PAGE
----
You say you’re not a Mehlman hater by any stretch of the imagination, but that doesn’t seem to be the case.

Paul in Canada
August 26th, 2010 | LINK

I agree Scooter J.

Priya Lynn
August 26th, 2010 | LINK

Another gay blinded by hate to his own self-interest.

Scooter J
August 26th, 2010 | LINK

No more friends? No more allies? There is an entire generation of new friends and allies who are striving to undo the work of our past leaders. We will owe some of our greatest gratitude to this young, Glee-loving geneation for moving us towards the equality we seek, not the “johnny-come-lately” political opportunists.

Yes, there is absolutely a place at the table for the Mehlmans of this world, but for our community to give this guy a blank pass is absurd.

Scooter J
August 26th, 2010 | LINK

Priya, you are mincing words and your provocation diminishes your sound arguments. I am stating my opinions and not demanding that my thoughts are correct.

There is a third option for what I can do. . . I can sit back with a “wait and see” attitude towards Mehlman and let history prove me either wrong or right,
At the same time, I can continue to fully support those who are, have been and will continue to be on our side. . .

Ray
August 26th, 2010 | LINK

I pretty much got my licks in yesterday so today I’m thinking that if Mehlman is going to redeem himself, he needs to heat up his Rolodex.

Priya Lynn
August 26th, 2010 | LINK

Scooter I just told it like it is, no provocation or mincing.

Scooter said “There is a third option for what I can do. . . I can sit back with a “wait and see” attitude towards Mehlman and let history prove me either wrong or right,”.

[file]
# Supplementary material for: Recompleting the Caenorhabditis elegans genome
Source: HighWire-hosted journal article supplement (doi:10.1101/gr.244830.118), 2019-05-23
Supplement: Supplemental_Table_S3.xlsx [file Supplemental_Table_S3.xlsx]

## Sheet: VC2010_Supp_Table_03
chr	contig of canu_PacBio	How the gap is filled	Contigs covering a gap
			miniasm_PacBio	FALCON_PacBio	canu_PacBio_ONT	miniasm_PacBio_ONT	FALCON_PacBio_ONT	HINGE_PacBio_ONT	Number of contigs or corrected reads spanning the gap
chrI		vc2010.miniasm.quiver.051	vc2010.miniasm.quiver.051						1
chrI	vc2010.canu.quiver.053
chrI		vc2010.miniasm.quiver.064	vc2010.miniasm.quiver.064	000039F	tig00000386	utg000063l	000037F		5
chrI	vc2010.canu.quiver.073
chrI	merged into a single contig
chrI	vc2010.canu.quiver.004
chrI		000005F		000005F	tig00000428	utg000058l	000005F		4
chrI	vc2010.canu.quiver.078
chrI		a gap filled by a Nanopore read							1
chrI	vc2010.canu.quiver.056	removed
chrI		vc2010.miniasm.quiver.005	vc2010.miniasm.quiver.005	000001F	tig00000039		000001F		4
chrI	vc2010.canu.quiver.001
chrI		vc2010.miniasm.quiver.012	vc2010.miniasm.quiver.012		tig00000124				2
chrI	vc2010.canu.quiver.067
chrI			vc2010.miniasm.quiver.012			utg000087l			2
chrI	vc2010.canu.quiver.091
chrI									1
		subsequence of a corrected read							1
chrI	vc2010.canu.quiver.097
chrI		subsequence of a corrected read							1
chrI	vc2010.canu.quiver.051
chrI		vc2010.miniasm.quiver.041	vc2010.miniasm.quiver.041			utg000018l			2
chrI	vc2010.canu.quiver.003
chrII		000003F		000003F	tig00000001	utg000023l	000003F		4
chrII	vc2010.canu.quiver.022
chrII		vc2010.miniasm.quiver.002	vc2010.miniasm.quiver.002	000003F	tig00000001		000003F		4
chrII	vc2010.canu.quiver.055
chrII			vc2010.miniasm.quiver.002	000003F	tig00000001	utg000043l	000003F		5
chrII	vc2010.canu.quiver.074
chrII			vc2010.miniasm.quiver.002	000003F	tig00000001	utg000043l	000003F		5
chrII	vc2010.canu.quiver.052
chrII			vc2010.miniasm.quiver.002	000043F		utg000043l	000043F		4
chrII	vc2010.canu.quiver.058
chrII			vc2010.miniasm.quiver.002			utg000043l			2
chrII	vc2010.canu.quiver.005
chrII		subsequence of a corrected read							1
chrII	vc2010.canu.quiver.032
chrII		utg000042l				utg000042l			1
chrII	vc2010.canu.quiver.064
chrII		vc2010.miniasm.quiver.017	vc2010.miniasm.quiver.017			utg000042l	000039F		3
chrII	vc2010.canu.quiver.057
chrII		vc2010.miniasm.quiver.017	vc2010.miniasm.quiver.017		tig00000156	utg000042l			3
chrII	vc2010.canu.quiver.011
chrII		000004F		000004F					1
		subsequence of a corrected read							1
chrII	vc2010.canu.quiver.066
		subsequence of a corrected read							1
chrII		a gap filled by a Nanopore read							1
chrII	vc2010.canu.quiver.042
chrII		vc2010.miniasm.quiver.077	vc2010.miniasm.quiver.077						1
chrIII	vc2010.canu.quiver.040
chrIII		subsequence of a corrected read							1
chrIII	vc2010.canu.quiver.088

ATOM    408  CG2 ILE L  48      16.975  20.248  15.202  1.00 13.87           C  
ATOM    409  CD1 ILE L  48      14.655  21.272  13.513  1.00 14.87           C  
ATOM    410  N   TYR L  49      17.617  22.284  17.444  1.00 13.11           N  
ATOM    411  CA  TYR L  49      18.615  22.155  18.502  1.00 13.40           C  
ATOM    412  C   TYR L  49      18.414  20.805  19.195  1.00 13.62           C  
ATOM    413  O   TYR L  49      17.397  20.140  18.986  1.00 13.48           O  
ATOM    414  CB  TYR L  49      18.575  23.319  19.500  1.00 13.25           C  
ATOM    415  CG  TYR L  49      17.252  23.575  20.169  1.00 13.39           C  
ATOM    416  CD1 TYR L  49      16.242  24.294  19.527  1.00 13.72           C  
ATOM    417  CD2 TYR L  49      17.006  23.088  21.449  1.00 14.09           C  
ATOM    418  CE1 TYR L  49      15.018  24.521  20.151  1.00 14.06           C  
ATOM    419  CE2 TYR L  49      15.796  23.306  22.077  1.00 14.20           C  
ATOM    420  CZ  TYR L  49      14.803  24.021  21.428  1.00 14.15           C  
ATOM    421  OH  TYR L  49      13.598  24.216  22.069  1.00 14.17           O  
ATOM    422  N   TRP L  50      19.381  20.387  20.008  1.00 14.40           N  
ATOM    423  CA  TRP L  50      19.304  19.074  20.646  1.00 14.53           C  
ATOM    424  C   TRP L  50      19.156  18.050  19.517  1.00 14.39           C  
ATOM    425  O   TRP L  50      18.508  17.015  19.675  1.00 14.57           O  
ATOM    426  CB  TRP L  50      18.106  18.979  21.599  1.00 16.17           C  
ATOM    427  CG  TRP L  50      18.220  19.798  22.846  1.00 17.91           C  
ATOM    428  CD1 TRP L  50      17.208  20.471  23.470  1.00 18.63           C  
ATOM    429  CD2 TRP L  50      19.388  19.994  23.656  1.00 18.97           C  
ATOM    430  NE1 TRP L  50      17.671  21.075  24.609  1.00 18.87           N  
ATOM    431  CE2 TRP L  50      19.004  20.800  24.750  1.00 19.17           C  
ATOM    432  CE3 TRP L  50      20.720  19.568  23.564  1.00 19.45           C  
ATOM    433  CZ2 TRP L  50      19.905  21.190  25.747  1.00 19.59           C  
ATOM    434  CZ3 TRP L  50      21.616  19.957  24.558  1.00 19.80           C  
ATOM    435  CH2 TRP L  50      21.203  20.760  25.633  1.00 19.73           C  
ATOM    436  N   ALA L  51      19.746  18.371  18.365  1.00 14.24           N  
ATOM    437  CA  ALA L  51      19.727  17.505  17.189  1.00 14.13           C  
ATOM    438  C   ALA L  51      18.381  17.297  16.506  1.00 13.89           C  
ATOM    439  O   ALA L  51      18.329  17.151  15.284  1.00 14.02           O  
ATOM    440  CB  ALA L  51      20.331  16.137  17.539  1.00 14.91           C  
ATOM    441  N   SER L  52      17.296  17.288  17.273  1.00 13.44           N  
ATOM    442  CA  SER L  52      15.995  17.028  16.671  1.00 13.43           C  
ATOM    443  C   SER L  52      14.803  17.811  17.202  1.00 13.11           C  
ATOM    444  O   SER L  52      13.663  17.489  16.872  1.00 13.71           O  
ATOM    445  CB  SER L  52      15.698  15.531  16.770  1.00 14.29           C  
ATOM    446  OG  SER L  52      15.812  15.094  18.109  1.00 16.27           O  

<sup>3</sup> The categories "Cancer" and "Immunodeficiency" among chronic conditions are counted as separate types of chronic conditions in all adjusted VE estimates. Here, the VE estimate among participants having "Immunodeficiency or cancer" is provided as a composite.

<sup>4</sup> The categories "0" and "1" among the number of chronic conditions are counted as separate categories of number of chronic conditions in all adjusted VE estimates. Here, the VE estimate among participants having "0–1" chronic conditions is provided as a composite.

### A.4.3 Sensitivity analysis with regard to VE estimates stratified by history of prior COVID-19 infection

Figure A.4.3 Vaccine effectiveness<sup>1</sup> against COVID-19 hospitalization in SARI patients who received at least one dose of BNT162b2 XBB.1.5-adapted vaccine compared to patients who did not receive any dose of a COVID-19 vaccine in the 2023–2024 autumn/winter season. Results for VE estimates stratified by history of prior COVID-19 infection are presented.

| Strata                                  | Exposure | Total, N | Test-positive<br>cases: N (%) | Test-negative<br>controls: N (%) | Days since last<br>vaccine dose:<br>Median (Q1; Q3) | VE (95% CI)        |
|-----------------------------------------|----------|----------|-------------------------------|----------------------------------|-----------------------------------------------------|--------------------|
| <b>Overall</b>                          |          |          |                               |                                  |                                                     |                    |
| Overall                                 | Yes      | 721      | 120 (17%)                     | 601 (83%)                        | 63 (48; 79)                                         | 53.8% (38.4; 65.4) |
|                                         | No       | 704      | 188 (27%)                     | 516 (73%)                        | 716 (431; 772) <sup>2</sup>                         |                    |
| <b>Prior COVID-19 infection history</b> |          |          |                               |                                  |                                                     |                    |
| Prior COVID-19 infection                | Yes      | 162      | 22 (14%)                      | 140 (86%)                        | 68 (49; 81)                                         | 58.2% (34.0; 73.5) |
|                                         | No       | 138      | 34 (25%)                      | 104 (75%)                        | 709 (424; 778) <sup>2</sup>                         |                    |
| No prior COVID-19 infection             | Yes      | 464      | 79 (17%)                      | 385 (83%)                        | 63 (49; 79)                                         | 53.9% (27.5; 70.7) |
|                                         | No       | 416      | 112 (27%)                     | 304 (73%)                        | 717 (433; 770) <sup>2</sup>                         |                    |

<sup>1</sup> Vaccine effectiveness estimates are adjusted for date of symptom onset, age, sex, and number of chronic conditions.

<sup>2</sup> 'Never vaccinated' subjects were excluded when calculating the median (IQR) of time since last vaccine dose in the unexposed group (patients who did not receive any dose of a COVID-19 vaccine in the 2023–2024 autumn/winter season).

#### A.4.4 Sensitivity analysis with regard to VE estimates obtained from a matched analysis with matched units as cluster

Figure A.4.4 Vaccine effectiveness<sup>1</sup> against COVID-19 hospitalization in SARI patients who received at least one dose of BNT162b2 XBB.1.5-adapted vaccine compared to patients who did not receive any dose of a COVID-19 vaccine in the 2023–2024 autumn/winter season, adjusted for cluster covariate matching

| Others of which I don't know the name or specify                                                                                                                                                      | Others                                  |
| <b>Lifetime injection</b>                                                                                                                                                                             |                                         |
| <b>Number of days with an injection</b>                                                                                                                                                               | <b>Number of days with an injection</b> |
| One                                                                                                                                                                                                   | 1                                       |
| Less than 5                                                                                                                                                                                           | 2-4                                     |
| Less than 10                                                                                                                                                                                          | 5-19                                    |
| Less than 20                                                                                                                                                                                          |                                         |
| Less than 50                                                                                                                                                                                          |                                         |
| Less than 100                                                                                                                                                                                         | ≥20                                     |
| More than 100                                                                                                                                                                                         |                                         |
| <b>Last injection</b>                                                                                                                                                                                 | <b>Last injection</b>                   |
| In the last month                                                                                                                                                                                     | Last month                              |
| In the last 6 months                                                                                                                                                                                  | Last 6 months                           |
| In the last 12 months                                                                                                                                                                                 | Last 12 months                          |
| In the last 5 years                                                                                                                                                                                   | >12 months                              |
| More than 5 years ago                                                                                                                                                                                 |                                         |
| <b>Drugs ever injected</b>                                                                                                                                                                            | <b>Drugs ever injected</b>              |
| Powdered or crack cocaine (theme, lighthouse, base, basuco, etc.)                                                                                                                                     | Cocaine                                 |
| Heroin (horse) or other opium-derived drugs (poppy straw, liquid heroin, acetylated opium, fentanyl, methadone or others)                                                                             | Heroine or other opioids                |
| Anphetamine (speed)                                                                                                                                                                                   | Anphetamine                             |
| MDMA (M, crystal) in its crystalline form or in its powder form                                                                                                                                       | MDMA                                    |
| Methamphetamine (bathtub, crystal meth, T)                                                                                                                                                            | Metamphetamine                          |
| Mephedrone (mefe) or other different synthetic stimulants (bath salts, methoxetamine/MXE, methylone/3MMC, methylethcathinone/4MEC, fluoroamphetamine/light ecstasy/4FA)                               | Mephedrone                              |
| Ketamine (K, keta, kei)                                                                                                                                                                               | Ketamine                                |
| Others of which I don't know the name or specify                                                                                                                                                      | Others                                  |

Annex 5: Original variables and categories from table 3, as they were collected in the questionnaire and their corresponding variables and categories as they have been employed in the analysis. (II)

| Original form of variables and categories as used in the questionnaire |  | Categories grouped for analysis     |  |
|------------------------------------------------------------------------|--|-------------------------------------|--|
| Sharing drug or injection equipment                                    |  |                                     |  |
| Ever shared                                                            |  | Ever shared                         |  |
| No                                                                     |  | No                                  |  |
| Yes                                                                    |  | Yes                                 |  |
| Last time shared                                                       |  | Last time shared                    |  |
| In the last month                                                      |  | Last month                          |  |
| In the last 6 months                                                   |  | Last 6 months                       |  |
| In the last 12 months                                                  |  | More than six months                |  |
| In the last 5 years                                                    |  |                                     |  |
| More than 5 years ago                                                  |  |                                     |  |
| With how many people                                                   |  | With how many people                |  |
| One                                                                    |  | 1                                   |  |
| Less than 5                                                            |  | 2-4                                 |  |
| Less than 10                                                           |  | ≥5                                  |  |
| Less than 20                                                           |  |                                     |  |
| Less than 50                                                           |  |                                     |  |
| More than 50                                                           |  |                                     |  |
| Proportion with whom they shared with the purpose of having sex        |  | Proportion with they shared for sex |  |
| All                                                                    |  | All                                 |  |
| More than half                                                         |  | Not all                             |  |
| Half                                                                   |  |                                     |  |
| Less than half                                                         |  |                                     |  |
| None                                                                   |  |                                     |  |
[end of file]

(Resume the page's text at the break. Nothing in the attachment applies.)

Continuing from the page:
That’s an ethical and reasonable alternative.

Guffey
August 26th, 2010 | LINK

My opinion…

Mehlman is the low road. Where I was once happy that our side *mostly* did not resort to manipulation and lies like NOM (Being gay cuts 20 years off your life!, soon men will marry their dogs! (box turtles?)) I now feel that any “win” by AFER is tainted. AFER’s now going to accept millions from opportunists who join the marriage bandwagon as popular tide turns but still fight like crazy against transgenders, ENDA, women’s rights etc… (Yes I know some LGB also fight against these things but *I* personally don’t see it as the same level). And I will likely get something *I* want (marriage) on the backs of T’s and others being hurt for my gain.

Money is money is money?

Jason D
August 26th, 2010 | LINK

why do we always get into these false dichotomies??

Scooter J. I read the whole thread and nobody saying “congrats on coming out” has also said
“You’re our new hero”
or
“all is forgiven”
or
“your slate is clean”

What I do see, with every “congratulations” is “your work is only begining”

What’s unfair about that?

Why do you need to invent this false dichotomy? So because we’re not hating on him and we’re happy he’s Come Out we automatically all forgive him, want to marry him and make him the new King of Gay? I have a hard time believing you function in your daily life that way. Everyone’s either clean as a whistle or dirty as a pig to you?

I am willing to entertain the thought of forgiving him. However it is not a done deal, and there is much he must do. Forgiveness, the real kind, is earned. It is a process. The first step is admitting to wrong doing and willing to work to make things right.